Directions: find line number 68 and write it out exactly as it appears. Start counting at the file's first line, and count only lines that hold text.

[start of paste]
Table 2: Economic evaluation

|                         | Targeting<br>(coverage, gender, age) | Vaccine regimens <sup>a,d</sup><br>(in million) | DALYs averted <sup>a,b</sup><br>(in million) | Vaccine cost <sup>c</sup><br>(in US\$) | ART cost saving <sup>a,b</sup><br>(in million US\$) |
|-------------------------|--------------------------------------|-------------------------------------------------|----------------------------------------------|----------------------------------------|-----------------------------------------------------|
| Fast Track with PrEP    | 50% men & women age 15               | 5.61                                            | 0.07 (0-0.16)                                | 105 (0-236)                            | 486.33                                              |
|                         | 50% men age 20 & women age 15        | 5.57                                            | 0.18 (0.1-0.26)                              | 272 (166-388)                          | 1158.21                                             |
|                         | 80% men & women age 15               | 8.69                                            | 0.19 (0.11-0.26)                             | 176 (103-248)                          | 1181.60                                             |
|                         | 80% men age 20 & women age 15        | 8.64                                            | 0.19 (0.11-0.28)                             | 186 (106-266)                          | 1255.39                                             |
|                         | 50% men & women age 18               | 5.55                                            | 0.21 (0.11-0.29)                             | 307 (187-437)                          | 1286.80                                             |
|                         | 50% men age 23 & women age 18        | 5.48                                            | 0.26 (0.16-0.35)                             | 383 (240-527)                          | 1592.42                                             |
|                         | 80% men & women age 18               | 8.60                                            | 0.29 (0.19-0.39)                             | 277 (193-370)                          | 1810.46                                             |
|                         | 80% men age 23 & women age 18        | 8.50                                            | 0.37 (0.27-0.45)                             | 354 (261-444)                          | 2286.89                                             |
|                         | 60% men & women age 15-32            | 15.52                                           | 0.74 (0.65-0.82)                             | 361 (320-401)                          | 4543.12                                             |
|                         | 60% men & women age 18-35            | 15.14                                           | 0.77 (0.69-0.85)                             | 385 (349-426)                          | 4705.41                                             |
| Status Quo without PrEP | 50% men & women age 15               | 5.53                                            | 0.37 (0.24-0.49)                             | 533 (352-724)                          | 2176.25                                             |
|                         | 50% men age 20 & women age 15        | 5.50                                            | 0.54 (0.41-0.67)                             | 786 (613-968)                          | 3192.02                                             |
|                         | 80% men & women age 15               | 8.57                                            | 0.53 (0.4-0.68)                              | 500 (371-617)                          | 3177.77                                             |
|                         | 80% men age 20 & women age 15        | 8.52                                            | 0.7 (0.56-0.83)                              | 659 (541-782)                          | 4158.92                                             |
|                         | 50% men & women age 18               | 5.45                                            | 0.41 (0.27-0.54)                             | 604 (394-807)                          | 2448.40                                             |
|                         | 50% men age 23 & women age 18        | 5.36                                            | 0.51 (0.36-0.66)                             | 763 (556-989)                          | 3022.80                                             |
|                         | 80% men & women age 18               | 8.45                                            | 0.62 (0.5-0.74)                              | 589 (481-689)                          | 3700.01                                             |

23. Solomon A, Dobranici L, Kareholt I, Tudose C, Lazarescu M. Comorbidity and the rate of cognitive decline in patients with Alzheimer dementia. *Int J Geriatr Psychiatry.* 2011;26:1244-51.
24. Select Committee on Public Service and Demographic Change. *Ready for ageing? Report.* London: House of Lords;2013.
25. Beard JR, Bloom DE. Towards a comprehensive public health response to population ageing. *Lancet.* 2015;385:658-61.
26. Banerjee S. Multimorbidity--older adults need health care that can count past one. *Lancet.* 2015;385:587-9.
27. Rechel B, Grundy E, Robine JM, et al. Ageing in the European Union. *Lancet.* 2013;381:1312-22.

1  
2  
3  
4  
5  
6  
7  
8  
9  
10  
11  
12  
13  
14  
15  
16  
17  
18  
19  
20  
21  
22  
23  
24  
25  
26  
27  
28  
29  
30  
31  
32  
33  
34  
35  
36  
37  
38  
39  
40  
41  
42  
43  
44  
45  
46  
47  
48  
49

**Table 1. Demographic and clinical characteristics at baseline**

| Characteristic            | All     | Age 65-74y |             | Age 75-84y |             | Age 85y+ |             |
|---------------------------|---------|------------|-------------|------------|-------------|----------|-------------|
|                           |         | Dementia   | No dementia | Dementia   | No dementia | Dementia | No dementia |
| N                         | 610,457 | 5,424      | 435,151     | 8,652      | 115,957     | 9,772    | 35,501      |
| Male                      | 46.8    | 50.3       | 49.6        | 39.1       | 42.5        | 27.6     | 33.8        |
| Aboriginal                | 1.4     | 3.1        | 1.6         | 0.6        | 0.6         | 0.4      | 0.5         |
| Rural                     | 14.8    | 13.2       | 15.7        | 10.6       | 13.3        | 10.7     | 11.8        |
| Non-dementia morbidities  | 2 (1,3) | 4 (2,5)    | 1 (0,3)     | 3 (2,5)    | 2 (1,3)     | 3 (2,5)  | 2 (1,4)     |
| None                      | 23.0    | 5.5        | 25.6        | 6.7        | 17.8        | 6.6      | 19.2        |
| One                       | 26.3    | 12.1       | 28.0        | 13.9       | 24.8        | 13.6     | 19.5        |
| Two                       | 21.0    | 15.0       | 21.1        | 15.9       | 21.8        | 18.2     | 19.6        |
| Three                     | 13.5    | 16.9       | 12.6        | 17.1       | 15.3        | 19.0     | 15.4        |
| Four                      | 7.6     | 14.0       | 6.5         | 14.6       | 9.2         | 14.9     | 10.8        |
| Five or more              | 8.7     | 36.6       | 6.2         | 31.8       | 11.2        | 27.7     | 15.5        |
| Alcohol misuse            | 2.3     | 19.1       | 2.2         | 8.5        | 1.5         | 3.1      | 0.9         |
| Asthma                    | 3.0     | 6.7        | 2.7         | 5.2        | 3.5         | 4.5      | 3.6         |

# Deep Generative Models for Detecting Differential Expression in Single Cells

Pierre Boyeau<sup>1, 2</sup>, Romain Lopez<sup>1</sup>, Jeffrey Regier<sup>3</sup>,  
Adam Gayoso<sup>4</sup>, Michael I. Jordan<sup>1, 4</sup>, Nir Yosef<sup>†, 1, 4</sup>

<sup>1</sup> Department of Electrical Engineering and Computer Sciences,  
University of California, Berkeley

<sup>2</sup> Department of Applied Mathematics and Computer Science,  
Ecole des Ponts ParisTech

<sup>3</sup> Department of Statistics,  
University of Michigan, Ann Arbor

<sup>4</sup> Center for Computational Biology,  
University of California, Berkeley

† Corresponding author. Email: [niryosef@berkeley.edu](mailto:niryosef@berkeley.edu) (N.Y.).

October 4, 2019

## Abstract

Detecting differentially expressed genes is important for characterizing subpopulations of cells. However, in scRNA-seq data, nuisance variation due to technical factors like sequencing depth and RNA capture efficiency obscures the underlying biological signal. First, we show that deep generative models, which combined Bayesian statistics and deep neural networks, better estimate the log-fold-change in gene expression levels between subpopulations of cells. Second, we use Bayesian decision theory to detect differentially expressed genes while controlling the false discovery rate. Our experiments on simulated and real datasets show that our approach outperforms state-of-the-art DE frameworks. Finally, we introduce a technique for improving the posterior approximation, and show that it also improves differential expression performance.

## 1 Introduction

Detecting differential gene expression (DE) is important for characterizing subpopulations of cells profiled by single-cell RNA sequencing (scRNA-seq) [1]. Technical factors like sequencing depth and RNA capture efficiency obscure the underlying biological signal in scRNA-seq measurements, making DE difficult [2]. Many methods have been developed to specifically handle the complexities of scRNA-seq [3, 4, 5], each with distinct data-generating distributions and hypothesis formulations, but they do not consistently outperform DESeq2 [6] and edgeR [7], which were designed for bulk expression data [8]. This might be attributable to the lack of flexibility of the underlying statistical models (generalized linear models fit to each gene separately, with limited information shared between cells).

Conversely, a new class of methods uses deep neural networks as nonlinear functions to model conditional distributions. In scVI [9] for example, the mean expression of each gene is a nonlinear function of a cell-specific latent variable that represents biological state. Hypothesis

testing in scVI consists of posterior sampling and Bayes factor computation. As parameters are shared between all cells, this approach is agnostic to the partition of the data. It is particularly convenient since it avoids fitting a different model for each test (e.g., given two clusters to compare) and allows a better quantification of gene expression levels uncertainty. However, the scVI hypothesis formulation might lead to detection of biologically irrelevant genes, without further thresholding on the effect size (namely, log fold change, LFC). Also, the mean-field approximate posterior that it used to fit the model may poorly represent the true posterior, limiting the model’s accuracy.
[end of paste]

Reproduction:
43  